Rob welcomes back 13thDimension.com EIC Dan Greenfield to discuss BATMAN: WAR ON CRIME by Paul Dini and Alex Ross!
Check out images from this comic by clicking here!
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11 responses to “TreasuryCast #78 – Batman: War on Crime”
Thanks for another enjoyable episode.
Batman: War in Crime came out in 1999!?! It seems like my friend and I were only just talking about Ross doing these “treasury sized” books, and how excited we were to see them! How we remembered having treasury comics when we were little! Now I realize, that Batman: War on Crime is now as old as treasury editions were, when this book came out!
I need to go sit down…
A great episode. And the art wow . You could take any page in that book and frame it . I kinda wish Alex Ross could do a similar style series using image or Valent characters something like archer and Armstrong road of wonder or maybe a few ultra verses one shots like Ghoul and Hardcase who said justice was blind . Just some random tittles I thought up .
Also quick question for every one has any one here read the cat who mystery series I’m currently reading the cat who wasn’t there . If any one is interested I’ve a whole cat who review playlist on my YouTube channel Bucky749.
Dan is a really great guest whenever there’s a Batman book to discuss. As usual, I thoroughly enjoyed this conversation, esp. the parts about Batman/Bruce needing to strike a balance between punching out bad guys and actually doing something to address the wider problems/causes of crime.
As to this particular book – I am definitely interested in reading it given the subject matter. However, I again have to be the dissenting voice about the art. As I’ve said a number of times before when the topic comes up, I really don’t like the type of hyper-realistic art Ross employed in this book. (In fact, now that I’ve seen samples of it, I wish he had used the same style as in that recent FF book, which I think is really attractive.)
Another very informative conversation! I must say I was most interested in the comments comparing this treasury to the most recent Batman movie, which I loathe. Batman used to be my favorite character, but he’s so far away from the Jim Aparo version that got me hooked on comics that I avoid him now more often than not.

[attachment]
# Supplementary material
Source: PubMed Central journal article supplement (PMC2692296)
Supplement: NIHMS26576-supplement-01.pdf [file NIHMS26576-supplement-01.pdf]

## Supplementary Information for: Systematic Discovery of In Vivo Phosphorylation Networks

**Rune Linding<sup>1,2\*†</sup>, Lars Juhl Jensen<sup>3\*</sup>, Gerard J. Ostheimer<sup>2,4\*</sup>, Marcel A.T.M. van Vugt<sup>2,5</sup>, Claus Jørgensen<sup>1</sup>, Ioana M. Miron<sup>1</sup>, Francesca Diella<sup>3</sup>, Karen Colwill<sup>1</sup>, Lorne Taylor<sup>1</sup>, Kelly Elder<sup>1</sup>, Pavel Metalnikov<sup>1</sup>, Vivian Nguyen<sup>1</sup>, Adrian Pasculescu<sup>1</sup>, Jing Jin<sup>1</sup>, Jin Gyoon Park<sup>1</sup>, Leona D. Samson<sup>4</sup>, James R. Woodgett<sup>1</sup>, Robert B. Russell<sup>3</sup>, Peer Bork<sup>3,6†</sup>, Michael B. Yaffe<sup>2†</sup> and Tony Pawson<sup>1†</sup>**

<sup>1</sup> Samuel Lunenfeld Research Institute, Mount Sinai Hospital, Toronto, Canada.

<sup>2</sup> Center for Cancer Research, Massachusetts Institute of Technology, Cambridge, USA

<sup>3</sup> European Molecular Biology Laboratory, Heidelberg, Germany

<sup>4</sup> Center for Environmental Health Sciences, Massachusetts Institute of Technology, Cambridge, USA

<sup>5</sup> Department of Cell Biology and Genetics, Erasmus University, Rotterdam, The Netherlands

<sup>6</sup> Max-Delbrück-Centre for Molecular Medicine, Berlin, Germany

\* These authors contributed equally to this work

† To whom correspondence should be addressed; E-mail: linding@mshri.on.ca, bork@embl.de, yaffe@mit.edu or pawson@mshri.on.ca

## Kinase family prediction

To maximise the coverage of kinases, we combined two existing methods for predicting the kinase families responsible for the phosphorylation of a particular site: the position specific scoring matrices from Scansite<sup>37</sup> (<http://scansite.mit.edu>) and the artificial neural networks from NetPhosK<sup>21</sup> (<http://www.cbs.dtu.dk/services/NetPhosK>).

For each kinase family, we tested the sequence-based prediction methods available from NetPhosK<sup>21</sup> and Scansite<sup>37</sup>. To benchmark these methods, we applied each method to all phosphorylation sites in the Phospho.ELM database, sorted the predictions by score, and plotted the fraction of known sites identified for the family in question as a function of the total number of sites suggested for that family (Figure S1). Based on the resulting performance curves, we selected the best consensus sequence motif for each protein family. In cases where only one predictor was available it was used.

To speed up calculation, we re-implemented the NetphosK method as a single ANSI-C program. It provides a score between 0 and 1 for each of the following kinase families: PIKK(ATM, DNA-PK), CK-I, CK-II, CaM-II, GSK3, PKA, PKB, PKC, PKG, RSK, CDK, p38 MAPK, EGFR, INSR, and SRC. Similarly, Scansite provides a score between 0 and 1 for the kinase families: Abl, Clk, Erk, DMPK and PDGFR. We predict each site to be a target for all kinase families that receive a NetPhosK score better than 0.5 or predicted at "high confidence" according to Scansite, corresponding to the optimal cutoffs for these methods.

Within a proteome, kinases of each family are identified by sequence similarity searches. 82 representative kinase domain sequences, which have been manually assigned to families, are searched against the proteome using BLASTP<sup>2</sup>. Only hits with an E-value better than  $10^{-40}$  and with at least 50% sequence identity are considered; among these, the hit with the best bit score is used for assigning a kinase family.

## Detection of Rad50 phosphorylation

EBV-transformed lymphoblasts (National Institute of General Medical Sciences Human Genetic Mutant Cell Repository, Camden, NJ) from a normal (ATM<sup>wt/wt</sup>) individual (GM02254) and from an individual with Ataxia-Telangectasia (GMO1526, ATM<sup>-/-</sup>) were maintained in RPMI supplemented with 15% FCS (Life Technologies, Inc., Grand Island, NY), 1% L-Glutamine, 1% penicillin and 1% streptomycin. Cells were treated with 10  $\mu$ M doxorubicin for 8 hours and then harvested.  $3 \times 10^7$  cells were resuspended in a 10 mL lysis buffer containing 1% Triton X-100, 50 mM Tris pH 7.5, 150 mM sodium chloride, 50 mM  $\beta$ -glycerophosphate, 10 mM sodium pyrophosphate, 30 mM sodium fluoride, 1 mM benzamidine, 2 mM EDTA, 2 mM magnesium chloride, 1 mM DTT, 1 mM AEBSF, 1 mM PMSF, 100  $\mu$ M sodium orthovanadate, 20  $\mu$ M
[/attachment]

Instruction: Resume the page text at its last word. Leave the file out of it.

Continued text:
Ross’ take on Batman here is as “grim & gritty” as I ever want to see the character. I’ve purchased this & the other Ross/Dini books several times over in various formats. They are great stories that truly capture the essence of the heroes.
Looking forward to future episodes covering the remaining titles.
What a terrific episode about an amazing book! Rob and Dan, I strongly agreed with every opinion you expressed about Batman in general and War on Crime in particular. I’m somewhere between Dan and Chuck on the 2022 Batman movie, but I may need to see it again, having heard Dan’s insights.
In my head canon, the way Batman and Bruce Wayne operate here is the way he/they always operate. It’s the only effective way to do it. The special operations forces I used to support provided medical treatment to the locals in the day and did direct action raids at night. They ran economic development projects, advised local leaders, and trained host nation forces in everything from marksmanship to ethics. Those activities are how you gather information, build rapport, and gain access that you need to stop the bad guys. Those actions are also more likely to change underlying conditions and have a lasting impact than capturing this year’s terrorist shadow governor of the district. Of course, that disruption is also necessary. It interrupts their attack cycle, and it often creates the conditions or provides the information that enable the next operation.
When I was on active duty, I used to say that everything I need to know about counterinsurgency I learned from Batman. I had a lot of other education on the topic, but it all matched what I read in Bronze Age comics. When I said it, I meant Bruce Wayne, also.